From a survey creator's point of view, when adding a text entry question to a form, you want to ensure respondents don't leave you with some nonsensical drivel, so you want to validate their answers as they fill out the input fieldsand make sure the input type matches expected format, e.g. data, email address etc. Let's see how the approaches of both tools differ in that aspect.
|Input validation options||Short Answer (Single-Line Input)||Number, Text, Length and Regular expression||Expression, Text, Email, Number, Regex, Length|
|Paragraph (Long Text)||Length and Regular expression||Expression, Text, Regex|
|Input types||Short Answer (Single-Line Input)||Number, Text||Color, Date, Date and time, Email, Month, Number, Password, Range, Phone number, Text, Time, URl, Week|
|Custom error text (message)|
As you can see in the table above, both tools provide various client-side validation options that can be easily configured right on the question or in the settings section. You can also add a custom error message to make sure respondents know what type of data is expected and what needs to be modified. Unlike Google Forms, SurveyJS ships with multiple input types starting from basic ones such as Number or Email address, to Color or Date and time. In order to set an input type for your Single-Line question, simply click it and use the on-question drop-down menu as shown below.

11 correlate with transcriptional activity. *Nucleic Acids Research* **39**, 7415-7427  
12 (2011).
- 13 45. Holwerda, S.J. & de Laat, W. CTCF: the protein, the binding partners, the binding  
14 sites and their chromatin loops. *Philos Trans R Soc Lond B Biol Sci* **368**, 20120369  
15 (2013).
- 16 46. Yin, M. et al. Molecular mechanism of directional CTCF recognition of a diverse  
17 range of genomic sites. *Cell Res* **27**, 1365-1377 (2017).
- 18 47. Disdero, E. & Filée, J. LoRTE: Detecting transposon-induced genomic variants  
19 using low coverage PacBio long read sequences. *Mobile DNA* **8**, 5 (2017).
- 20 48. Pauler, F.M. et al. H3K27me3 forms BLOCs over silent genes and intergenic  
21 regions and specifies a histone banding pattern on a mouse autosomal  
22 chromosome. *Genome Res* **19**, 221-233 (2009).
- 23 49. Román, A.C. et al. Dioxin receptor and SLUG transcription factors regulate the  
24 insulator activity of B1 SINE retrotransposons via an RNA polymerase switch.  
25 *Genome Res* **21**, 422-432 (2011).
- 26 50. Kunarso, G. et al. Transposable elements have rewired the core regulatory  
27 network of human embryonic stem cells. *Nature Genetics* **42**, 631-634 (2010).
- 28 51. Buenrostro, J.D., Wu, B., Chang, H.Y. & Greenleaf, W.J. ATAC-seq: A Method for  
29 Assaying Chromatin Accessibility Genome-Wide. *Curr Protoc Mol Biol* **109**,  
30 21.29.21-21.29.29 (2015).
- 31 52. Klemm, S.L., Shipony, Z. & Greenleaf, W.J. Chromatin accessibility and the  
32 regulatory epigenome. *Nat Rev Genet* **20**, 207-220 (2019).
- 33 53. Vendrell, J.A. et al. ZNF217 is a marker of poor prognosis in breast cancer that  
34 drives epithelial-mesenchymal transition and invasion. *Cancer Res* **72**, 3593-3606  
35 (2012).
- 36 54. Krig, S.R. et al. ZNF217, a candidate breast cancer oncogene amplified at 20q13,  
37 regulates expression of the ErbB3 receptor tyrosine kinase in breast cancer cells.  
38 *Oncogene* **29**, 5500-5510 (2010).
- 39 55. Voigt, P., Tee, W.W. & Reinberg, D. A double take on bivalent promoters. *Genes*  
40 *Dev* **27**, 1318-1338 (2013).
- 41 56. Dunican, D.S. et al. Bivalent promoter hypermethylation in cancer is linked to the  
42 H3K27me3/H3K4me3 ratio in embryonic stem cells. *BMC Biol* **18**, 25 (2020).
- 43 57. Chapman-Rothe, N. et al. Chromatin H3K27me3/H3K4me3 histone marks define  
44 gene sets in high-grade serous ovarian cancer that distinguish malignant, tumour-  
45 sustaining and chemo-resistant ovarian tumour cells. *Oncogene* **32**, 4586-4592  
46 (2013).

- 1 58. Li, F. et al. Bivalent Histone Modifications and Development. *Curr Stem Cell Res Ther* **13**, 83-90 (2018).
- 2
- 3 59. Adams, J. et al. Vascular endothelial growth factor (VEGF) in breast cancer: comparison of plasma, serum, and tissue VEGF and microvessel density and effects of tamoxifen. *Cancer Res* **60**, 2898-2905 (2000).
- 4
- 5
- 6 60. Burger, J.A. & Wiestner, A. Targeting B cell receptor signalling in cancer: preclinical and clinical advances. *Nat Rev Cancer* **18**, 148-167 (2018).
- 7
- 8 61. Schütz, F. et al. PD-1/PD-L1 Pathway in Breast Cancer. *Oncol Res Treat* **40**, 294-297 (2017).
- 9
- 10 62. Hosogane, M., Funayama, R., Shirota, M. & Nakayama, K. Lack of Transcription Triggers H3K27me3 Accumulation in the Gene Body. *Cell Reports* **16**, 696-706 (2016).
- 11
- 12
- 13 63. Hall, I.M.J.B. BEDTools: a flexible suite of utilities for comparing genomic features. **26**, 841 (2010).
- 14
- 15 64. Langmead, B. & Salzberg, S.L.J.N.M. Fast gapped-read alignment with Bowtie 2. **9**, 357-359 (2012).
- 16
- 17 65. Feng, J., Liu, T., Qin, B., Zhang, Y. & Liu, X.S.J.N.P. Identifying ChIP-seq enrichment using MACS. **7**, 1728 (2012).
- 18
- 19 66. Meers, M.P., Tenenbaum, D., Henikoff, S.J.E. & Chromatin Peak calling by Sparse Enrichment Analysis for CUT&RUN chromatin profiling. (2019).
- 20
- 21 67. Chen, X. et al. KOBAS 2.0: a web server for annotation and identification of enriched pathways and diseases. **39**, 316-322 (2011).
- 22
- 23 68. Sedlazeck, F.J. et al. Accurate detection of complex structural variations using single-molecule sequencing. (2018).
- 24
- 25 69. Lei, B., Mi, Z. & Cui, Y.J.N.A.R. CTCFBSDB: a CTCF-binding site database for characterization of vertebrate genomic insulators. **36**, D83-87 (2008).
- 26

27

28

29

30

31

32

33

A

Alternatively, you can use the Input type control placed in the Property Grid under General or, if you are not looking for easy ways and prefer to manually configure input type, assign the input type as a value to the
inputType property, for example: "inputType": "month".
Autocomplete is a feature commonly used in forms and surveys to assist users in filling out fields. It automatically suggests previously entered values based on the input history of a user's browser. In order to enhance user experience, save time, and reduce input errors, you can specify the type of pre-existing input data you want to retrieve from user's browser history using Autocomplete. When autocomplete is enabled, as users start typing in a field, your SurveyJS survey or form suggests potential matches or completions based on previously entered values of a specified input type. This is particularly useful for fields like names, addresses, email addresses, phone numbers, and other data we enter repetitively. You can easily select a desired autocomplete type in the UI of your SurveyJS form building tool.
Multiple input fields allow users to enter multiple short text values or responses in separate textboxes within a single question. Each textbox corresponds to a specific sub-question or input item. With SurveyJS, you can set different input types for each subquestion and apply different input validation rules based on the input type you are looking to gather. Since it's an open-ended question, most common scenarios are to either rate various aspects of an item, event, etc., or to provide multiple (usually related) details, e.g. contact information, or dates of certain related events, e.g. vaccinations.
While Google Forms excels in simplicity and ease of use for creating basic forms, SurveyJS offers a more advanced and customizable approach to form design and functionality. As we only scratched the surface, make sure to read the next part of this blog where we explore and compare file upload and image questions.